Auscoin

Auscoin Cryptocurrency Draws Serious Concerns From Industry Analysts

Auscoin Founder Makes Questionable Statements

Sam Karagiozis, who used to flip burgers at McDonald’s, claims to have become extremely wealthy due to some smart Bitcoin investments. There might be some truth to his story when you consider that he drives around a Bentley that has Bitcoin number plates. Now, Sam, who calls himself a “hustler”, says he has been working on developing Auscoin, a “cryptocurrency for daily life” according to its official website.

The Auscoin founder plans to sell 100 million Auscoins online for 80 cents each. Assuming all coins are sold, Sam would “earn” $80 million. While discussing his new venture, the self-proclaimed “hustler” said,  “You buy the coin [Auscoin], then when it goes up and you’re happy with your return, you have to sell it”. Clearly, this does not sound like investment advice coming from a professional.

Auscoin Called A “Bloodbath”

When asked by his interviewer, Tom Steinfort from 60 Minutes, about what would happen if Auscoin depreciates in value, Sam casually remarked, “Well, that’s part of life”. Based on his comments, it seems obvious that anyone looking to “invest” in Auscoin would have little more than blind faith in Sam’s baseless assumption that its price will go up. Moreover, a number of crypto investors have grown increasingly suspicious of Sam’s new coin, which he has outrageously promoted as Australia’s own cryptocurrency.

Industry analysts have called Auscoin a “bloodbath” and have warned investors to stay away from it. Notably, the coin’s whitepaper has been revised repeatedly during a relatively short period of time. What’s even more alarming that it was even being revised during the coin’s initial seed round. Perhaps the most concerning part is that crypto-experts say the questionable crypto-platform doesn’t even use blockchain technology. This should be another solid reason to completely avoid this “cryptocurrency”, according to analysts.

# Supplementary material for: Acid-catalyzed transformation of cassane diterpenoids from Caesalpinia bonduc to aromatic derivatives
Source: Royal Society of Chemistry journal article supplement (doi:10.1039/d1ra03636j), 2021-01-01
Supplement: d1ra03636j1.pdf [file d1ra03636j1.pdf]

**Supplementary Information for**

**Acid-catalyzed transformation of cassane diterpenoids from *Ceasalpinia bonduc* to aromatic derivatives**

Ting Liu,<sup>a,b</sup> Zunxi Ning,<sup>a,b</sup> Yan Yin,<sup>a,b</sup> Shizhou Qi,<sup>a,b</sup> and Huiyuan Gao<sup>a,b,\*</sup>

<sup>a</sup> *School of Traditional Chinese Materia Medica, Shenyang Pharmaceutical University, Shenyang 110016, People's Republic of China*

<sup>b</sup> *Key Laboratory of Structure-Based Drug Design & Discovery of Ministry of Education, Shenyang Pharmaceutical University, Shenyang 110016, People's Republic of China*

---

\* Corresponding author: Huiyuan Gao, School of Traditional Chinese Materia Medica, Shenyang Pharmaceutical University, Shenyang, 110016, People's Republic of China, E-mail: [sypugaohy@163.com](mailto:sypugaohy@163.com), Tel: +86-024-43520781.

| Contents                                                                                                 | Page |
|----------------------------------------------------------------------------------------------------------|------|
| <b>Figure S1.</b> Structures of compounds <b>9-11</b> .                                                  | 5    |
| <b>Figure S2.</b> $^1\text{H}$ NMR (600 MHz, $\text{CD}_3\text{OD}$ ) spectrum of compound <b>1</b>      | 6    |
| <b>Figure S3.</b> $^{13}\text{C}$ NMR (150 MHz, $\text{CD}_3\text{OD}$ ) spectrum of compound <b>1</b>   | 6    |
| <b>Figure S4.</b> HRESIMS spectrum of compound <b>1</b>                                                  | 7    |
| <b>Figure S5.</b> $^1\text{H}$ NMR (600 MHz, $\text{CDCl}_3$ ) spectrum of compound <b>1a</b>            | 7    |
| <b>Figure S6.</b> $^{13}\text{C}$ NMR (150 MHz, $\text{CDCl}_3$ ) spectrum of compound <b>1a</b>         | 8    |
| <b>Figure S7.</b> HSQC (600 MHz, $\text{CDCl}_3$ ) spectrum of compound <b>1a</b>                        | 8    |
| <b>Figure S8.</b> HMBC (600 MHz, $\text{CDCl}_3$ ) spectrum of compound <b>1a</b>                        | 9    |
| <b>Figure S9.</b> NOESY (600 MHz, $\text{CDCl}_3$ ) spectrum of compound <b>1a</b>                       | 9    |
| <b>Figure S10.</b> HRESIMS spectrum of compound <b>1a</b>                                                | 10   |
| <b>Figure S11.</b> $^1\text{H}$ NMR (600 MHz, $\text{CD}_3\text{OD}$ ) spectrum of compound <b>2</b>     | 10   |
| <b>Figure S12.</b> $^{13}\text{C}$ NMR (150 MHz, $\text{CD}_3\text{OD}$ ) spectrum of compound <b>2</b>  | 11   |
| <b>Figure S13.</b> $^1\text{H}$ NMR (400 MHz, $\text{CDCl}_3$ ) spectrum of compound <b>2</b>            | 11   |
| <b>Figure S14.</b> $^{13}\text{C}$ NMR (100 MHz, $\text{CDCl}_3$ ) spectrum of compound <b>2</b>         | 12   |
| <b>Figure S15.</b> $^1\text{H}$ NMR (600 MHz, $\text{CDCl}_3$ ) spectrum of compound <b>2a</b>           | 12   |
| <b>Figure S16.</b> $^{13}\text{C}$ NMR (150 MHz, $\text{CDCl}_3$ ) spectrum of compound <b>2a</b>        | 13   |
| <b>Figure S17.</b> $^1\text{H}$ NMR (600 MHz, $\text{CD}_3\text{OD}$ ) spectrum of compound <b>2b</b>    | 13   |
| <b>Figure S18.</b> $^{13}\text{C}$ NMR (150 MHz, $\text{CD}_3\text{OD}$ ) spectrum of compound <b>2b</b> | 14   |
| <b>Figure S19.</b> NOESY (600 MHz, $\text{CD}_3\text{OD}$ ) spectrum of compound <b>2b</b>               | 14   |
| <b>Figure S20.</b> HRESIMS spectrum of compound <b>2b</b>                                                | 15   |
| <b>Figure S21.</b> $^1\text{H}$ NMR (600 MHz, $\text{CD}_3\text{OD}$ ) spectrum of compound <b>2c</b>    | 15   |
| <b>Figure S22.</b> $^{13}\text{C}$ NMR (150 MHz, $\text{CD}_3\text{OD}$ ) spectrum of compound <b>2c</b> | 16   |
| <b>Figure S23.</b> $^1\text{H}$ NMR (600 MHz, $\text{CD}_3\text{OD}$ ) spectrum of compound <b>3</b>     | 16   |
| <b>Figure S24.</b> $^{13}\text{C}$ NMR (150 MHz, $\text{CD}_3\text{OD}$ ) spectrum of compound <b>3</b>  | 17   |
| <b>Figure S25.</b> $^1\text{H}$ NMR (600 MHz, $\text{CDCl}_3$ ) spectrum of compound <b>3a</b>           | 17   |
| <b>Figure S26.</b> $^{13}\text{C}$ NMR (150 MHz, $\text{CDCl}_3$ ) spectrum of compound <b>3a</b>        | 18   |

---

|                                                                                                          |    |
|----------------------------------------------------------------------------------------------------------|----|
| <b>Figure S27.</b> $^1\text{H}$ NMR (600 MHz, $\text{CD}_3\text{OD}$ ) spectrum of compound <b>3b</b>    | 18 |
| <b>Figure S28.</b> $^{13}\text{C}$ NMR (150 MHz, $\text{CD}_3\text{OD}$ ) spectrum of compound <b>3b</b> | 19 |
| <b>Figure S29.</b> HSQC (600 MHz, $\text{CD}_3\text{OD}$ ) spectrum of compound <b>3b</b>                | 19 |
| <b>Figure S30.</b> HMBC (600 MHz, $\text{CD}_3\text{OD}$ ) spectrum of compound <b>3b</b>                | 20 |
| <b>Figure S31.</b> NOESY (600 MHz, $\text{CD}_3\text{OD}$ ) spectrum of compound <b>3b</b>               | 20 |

Many More Concerns

Apart from numerous concerns about the coin’s whitepaper, Mebsites, a web design company that was working on Auscoin’s website, reported that it had “withdrawn support” from the questionable crypto-project. Aaron Whyte, founder and senior developer at Mebsites, stated during an interview for 60 Minutes that,

“We had very different views [compared to Auscoin] towards security and transparency, making us realise that our core values and business principles were incompatible and so we decided to not be involved any further”

Moreover, the party behind this venture is far from professional. They can even be considered bullies and “crypto-thugs”, because Sean Harris, Auscoin’s CEO, threatened Whyte by reportedly telling him that “You have officially f—– with the wrong group of people!”. Mr. Harris allegedly said this prior to Mr. Whyte’s statements on 60 Minutes.

Despite attracting a lot of negative attention and criticisms from industry experts, Auscoin’s team appears to be adamant in following through with its plans. In fact, they want to deploy 1200 customized Bitcoin ATMs throughout Australia and South East Asia. The objective behind this planned move is to increase Auscoin’s circulation and trading, according to its creators.

These plans appear to be very unrealistic, because a simple google search reveals that only 2,163 Bitcoin ATMs have been installed so far in Bitcoin’s nearly 10 year history. It should be evident by now that this “cryptocurrency” has shown plenty of signs that it just might be a scam. The takeaway message here should be to perform thorough research before investing in digital currencies, or anything for that matter.